It’s only natural that the opposition spots a trend and tries to end it. However, Ronaldo has been fed from the right on the run from Carvajal for a headed winner, from the middle of the pitch and shunted into his path by Benzema, from left-to-right by Kroos against Girona for a vicious edge-of-the-box volley, left-wing to front post by Asensio… you get the picture.
It’s hard for teams to anticipate where Ronaldo will be, who will serve him or how he’ll finish. Their headaches increase with each passing week as he adds to his repertoire, then picks up a tap-in like he did from Benzema’s saved shot late on against Girona.
So: what the hell was happening in the first part of the season?
Before even considering the damage he did himself by getting both sent off and banned for the longest sanction of his career after pushing the referee in the Spanish Supercup first leg, there’s the unrecognizable level of technical control, confidence, calm and assertiveness in front of goal he showed from August to late January in the league.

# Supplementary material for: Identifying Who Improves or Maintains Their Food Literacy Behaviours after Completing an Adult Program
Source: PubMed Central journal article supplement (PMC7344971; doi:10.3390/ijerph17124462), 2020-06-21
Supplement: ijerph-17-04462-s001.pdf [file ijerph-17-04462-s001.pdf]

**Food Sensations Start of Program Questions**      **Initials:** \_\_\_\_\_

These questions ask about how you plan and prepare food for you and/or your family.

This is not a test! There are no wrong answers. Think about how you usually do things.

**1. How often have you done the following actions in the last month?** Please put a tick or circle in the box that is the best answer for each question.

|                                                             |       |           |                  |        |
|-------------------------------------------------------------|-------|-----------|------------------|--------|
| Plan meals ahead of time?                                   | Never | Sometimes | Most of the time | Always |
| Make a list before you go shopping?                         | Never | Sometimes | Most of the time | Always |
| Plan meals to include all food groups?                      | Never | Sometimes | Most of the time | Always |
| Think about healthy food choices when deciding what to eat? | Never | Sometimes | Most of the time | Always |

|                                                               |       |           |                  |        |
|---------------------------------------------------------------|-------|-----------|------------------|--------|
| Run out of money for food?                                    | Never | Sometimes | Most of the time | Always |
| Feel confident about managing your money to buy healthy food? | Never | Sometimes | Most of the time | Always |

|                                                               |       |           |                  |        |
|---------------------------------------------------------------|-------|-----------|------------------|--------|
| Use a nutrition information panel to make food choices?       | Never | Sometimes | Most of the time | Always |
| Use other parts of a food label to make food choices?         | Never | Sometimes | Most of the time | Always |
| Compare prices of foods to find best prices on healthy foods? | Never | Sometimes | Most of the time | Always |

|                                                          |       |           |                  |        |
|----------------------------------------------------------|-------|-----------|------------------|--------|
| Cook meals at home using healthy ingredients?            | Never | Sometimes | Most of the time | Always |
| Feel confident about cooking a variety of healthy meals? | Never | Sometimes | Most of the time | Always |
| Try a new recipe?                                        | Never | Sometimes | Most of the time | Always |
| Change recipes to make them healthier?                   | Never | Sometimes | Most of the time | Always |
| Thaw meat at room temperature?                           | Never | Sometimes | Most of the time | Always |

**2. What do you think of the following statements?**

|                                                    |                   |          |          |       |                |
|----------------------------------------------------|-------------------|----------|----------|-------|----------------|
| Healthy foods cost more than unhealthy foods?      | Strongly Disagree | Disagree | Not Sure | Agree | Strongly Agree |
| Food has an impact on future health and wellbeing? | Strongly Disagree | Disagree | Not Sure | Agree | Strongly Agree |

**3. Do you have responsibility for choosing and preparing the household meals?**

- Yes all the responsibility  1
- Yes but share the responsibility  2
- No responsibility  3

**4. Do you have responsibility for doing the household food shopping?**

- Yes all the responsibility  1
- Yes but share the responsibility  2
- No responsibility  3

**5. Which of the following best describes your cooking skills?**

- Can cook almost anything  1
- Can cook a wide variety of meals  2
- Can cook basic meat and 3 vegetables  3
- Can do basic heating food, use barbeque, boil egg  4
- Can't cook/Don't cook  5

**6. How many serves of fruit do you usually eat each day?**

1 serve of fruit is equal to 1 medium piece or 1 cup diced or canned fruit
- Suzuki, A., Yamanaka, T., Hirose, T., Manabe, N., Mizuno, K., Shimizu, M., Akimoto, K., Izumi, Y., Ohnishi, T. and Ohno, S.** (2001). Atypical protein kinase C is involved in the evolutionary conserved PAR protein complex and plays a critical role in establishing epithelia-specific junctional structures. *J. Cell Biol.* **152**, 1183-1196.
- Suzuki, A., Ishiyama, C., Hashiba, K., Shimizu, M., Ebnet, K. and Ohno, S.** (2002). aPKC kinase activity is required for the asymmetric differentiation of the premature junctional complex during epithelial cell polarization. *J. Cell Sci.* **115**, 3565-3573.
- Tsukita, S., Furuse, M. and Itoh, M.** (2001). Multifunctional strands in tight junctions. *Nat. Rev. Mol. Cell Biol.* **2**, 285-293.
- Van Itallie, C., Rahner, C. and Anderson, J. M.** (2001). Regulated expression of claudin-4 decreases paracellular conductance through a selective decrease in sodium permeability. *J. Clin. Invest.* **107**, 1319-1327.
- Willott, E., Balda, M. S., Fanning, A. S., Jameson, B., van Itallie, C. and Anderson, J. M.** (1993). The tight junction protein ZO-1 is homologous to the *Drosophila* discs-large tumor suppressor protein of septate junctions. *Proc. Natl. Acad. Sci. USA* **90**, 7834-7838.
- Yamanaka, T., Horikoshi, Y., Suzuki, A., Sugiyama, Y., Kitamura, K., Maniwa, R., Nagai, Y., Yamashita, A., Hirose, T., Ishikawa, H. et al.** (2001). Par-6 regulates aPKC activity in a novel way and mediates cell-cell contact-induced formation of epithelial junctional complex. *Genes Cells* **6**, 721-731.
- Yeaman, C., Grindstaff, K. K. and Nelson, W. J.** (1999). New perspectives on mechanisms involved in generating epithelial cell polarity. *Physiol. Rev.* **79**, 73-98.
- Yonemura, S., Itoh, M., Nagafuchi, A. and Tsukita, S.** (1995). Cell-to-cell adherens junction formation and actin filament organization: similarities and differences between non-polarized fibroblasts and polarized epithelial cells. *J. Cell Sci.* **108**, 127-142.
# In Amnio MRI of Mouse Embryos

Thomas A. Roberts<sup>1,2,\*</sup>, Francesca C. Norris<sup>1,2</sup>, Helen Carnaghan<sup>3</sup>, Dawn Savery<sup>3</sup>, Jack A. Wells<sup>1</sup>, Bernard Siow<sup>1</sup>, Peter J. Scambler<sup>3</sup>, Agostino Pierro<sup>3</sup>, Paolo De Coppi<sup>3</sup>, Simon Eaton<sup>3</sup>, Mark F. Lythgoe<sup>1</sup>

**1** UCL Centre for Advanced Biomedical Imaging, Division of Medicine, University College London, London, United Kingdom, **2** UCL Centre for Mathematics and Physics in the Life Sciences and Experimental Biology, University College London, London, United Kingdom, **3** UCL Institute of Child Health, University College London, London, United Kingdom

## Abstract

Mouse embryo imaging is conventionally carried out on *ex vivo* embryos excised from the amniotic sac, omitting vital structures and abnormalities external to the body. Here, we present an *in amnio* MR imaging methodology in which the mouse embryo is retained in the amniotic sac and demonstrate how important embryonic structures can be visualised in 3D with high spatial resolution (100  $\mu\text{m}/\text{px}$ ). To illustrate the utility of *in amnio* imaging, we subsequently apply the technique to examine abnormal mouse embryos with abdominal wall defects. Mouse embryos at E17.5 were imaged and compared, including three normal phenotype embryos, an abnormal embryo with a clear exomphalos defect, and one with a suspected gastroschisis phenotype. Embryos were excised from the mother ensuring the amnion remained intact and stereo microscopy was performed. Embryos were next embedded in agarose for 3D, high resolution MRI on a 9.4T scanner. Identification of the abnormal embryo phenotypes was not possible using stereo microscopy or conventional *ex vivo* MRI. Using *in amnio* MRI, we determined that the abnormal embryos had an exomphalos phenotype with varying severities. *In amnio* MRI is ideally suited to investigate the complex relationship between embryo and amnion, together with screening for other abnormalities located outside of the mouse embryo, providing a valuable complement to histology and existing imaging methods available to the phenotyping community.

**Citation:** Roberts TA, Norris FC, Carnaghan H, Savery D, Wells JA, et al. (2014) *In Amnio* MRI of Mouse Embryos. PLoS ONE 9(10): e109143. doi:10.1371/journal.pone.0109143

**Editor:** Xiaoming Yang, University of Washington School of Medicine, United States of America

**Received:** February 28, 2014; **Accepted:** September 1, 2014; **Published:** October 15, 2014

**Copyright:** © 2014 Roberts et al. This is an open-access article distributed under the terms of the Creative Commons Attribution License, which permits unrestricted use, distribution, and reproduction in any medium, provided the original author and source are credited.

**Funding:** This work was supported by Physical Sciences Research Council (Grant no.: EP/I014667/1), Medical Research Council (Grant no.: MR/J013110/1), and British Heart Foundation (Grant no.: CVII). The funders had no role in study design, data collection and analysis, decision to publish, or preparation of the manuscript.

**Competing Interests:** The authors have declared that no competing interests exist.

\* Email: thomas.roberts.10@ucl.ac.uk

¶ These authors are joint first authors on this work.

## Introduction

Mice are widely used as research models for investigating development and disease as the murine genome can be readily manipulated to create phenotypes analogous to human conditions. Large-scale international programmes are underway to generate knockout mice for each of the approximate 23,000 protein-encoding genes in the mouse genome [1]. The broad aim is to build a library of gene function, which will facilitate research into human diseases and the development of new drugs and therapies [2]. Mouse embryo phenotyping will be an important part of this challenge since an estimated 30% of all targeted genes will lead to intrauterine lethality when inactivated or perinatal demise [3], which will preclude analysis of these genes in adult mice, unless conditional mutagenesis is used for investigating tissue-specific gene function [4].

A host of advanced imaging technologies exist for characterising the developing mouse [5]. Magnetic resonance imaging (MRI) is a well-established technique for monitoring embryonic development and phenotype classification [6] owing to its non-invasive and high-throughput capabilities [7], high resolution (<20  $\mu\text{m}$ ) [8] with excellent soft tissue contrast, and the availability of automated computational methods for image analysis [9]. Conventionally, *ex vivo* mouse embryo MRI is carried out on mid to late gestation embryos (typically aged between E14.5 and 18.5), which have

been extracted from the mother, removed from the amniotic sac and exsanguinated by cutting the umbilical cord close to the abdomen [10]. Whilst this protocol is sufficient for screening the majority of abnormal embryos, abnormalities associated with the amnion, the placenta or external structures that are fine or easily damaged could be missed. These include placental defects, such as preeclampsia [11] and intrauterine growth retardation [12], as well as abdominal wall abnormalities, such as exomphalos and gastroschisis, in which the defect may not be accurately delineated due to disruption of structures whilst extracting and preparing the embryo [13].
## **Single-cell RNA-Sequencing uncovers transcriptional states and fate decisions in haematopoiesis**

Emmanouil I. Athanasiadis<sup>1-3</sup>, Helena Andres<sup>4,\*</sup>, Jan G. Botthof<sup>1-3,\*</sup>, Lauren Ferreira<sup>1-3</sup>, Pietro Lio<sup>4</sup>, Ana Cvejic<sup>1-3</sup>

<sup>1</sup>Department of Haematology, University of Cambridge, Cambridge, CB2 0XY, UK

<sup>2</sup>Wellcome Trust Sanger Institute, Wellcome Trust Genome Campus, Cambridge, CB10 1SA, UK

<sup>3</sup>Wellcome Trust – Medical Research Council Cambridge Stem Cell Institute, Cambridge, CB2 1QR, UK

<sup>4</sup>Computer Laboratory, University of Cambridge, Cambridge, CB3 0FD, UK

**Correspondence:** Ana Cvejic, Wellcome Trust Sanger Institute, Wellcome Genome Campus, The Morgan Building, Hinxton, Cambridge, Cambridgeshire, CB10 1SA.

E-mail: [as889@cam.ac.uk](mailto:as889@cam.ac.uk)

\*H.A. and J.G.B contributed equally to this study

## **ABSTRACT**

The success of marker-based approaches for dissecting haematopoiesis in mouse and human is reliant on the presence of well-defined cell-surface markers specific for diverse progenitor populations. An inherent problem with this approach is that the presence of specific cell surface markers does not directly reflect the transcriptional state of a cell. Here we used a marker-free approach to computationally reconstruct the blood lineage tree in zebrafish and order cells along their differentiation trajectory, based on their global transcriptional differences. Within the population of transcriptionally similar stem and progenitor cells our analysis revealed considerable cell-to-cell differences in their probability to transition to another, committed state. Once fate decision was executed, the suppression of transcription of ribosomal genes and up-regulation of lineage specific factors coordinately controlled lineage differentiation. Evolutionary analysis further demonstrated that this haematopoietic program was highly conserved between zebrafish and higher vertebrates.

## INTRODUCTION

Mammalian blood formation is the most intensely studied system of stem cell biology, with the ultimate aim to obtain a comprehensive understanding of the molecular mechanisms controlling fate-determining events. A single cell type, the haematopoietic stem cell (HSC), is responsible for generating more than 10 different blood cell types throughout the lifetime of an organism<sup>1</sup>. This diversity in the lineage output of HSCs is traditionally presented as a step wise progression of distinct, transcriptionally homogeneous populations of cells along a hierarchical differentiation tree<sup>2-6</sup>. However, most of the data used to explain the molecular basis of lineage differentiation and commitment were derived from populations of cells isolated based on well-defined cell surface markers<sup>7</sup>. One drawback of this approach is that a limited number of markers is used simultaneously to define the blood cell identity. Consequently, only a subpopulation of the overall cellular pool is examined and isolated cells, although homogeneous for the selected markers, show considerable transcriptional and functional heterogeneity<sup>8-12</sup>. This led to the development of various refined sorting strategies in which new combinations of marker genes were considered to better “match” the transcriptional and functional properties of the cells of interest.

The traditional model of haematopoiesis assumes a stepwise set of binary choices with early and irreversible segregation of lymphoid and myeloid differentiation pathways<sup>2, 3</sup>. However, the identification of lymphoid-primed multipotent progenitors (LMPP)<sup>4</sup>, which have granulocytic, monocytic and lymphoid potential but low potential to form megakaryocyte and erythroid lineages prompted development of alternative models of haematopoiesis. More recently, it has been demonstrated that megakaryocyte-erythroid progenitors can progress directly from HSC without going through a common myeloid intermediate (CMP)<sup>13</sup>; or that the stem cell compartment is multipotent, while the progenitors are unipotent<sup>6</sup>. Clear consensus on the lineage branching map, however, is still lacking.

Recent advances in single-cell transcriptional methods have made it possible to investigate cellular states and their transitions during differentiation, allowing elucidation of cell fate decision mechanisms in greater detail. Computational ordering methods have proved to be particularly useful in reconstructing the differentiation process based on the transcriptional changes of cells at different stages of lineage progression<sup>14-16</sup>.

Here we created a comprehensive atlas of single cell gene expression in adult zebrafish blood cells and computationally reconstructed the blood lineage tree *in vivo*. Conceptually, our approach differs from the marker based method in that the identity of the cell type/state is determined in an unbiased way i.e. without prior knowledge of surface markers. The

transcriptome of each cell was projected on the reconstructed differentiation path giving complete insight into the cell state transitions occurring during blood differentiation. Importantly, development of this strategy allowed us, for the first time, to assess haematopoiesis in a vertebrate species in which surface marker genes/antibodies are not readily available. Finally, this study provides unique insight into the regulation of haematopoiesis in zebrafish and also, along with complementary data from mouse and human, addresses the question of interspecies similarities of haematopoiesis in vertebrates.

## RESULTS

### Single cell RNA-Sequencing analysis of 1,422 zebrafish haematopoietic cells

There is a host of examples but let’s just pick on a handful. Against Getafe away, admittedly a game Madrid win and where Ronaldo scores, he fluffed the simplest of cushioned volleys from about three yards out when the most basic of touches would have brought him a goal instead of sending the ball wide from point-blank range.
Up in Girona, a game that Portu (who scored) admitted the Catalans had no belief they could win until half-time once they saw how poorly the champions were playing, Cristiano was given silver service by Isco and Kroos. The first crossed from the right to CR7’s left boot but the lack of control made it seem like he had a concrete block for a shoe: chance squandered. The latter was floated onto Ronaldo’s head, right in the middle of the penalty area, but his timing meant that an easy chance ballooned off his shoulder instead and Yassine Bounou collected easily, instead of picking the ball out of the net.